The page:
The appointment at the hospital hadn’t exactly gone well. Greg had wanted to come but I told him to go and finish the conservatory he was building. I told him that nothing the doctor said would make our mortgage need to be paid any the less, or mean that we don’t have to keep feeding the children. It hurt him that I hadn’t wanted him there, but he didn’t realize that I couldn’t cope with trying to guess what the look on his face meant at the same time as guessing what I felt myself. I knew if I took Mum she would just say everything in her head, which is better. It’s better than hearing really terrible news and wondering if your husband is sorry that he ever set eyes on you, that of all the people in the world he could have chosen, he chose you. So I wasn’t in the best frame of mind—pun intended—when the doctor sat me down to go through the next round of test results. The tests they had given me because everything was happening much faster than they’d thought it would.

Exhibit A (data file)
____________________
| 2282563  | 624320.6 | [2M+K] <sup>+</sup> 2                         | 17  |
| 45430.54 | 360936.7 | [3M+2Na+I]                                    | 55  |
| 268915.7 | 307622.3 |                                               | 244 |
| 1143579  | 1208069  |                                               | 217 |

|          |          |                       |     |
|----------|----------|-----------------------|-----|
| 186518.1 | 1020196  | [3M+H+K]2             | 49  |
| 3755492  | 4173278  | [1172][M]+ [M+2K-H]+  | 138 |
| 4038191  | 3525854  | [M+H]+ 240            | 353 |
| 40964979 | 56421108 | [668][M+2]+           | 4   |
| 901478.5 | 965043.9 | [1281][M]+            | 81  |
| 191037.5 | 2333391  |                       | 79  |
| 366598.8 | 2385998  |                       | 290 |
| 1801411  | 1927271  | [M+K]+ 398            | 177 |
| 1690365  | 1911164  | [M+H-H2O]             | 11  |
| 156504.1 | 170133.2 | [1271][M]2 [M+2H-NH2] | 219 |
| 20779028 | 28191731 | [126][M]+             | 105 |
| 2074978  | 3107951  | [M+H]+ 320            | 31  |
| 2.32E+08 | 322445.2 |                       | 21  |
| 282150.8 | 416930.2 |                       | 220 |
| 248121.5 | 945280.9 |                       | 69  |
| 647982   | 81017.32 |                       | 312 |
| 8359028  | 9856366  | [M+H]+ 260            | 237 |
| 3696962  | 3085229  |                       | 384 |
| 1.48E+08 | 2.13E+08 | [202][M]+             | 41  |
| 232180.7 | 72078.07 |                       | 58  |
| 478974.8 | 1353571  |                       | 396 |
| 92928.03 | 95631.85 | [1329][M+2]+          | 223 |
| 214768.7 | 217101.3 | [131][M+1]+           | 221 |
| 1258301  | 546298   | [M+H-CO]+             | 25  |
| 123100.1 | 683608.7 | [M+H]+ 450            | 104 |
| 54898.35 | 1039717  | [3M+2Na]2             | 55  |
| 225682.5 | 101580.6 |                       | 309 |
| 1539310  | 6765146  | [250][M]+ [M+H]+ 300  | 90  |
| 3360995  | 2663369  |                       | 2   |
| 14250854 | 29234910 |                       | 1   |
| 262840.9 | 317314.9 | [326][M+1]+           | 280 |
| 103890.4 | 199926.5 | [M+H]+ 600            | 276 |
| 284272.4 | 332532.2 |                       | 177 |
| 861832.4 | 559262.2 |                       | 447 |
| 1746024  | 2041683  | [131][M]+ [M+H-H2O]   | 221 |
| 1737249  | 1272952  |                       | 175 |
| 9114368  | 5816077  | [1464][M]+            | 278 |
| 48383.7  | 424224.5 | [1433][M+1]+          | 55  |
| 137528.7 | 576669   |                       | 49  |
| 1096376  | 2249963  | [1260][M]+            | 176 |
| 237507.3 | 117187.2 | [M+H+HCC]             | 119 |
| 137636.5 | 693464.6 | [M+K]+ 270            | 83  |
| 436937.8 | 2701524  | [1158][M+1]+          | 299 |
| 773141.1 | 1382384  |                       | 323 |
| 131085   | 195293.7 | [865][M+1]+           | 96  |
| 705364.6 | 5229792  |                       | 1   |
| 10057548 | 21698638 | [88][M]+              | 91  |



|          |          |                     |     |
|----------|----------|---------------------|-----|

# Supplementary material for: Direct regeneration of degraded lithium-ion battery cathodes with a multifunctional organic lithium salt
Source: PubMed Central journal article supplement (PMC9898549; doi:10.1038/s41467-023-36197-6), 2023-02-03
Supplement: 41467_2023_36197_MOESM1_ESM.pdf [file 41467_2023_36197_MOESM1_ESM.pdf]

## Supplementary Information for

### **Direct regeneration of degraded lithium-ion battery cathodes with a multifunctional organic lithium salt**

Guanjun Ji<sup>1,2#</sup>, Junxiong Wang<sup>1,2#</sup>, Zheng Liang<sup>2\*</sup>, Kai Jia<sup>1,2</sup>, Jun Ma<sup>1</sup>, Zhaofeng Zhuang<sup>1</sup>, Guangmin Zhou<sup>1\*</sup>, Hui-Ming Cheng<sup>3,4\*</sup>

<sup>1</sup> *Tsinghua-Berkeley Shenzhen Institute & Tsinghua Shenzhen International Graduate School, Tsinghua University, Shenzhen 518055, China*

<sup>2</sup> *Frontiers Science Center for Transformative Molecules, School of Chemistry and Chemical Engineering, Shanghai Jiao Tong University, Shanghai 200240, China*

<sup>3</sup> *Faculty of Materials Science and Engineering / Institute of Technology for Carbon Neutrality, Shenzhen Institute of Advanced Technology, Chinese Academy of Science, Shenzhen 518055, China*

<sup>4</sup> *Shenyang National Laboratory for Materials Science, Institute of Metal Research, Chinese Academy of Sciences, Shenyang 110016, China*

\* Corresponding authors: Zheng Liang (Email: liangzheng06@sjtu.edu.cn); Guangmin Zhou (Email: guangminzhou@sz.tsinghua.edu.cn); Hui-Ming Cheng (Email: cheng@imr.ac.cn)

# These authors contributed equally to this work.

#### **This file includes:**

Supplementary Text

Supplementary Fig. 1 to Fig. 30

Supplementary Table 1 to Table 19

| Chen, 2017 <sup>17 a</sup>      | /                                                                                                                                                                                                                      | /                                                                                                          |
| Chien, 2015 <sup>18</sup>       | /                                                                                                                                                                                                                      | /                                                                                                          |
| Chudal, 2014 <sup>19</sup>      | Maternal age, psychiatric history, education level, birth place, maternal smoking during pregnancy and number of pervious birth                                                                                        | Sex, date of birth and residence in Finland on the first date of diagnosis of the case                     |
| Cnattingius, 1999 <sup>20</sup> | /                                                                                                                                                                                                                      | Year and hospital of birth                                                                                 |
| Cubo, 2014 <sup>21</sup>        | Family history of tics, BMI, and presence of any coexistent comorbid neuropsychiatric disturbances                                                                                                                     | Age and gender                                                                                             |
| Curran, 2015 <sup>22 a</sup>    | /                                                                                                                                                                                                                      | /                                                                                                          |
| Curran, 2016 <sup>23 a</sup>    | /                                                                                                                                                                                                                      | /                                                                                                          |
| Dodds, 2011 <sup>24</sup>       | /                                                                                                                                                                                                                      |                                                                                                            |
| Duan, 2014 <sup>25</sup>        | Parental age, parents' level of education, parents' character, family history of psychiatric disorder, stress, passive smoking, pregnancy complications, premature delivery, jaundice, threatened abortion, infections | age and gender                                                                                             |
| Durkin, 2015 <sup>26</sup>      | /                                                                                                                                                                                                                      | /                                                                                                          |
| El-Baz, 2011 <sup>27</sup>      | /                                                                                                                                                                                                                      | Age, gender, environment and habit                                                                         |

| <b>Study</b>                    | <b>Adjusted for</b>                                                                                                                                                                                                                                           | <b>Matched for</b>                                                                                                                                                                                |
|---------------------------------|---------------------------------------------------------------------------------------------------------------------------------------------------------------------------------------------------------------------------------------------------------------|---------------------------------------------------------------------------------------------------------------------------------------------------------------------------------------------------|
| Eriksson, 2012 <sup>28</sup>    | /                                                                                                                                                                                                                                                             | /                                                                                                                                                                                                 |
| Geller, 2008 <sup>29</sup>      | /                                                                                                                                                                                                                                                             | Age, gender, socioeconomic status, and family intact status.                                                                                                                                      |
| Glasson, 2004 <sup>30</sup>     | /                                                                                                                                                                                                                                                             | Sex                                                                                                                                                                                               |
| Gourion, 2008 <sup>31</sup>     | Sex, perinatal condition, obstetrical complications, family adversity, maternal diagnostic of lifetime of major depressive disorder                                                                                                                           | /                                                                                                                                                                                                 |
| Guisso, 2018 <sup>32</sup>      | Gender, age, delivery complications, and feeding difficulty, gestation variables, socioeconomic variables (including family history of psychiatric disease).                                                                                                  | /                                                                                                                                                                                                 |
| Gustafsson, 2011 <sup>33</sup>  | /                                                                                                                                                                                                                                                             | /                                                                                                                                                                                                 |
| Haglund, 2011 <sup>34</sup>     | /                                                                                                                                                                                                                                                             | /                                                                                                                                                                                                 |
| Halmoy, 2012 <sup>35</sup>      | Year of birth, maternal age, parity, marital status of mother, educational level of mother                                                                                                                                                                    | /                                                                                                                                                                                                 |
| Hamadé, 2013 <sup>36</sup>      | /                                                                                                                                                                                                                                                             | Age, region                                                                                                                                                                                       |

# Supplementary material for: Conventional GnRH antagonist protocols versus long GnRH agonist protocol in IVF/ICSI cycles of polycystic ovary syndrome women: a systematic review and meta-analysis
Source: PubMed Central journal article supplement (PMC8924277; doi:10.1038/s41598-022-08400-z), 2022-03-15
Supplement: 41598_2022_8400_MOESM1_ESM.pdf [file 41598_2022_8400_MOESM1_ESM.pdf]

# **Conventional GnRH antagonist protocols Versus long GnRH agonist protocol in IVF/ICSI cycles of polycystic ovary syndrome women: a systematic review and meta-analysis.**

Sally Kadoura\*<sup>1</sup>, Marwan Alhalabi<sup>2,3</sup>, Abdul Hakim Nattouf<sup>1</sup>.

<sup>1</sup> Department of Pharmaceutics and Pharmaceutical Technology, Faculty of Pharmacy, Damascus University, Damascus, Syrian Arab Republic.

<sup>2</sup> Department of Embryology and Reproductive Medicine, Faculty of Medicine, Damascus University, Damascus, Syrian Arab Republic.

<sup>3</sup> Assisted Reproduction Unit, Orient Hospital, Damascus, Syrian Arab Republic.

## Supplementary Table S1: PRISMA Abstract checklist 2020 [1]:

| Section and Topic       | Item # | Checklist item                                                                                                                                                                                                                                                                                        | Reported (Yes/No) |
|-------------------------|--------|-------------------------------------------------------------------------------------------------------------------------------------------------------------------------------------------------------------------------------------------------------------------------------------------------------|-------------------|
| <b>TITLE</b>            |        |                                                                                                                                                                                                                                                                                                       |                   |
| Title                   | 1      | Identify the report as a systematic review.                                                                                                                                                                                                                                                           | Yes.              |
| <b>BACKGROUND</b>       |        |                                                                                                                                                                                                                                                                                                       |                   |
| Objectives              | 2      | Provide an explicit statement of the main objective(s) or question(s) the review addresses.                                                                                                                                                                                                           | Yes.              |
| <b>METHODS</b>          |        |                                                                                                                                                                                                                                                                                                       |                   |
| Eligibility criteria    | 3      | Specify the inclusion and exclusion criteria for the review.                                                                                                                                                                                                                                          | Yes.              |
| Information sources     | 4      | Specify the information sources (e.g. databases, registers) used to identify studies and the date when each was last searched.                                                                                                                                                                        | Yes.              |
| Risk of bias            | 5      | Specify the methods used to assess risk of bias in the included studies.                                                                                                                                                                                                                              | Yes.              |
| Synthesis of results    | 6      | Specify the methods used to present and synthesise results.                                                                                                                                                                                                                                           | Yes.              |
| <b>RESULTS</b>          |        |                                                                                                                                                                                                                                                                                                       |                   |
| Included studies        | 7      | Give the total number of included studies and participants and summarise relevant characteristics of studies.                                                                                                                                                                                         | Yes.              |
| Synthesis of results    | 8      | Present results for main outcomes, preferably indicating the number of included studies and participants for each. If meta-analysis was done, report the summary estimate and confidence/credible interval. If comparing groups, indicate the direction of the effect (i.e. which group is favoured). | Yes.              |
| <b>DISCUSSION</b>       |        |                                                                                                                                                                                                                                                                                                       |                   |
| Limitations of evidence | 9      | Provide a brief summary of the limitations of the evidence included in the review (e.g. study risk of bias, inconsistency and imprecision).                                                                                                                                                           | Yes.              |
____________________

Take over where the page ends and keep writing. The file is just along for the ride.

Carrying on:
I can’t remember the doctor’s name because it’s very long with a great many syllables, which I think is funny. I mentioned this as Mum and I sat there waiting for him to finish looking at the notes on his screen and deliver the bad news, but no one else was amused. There’s a time and a place for gallows humor, it seems.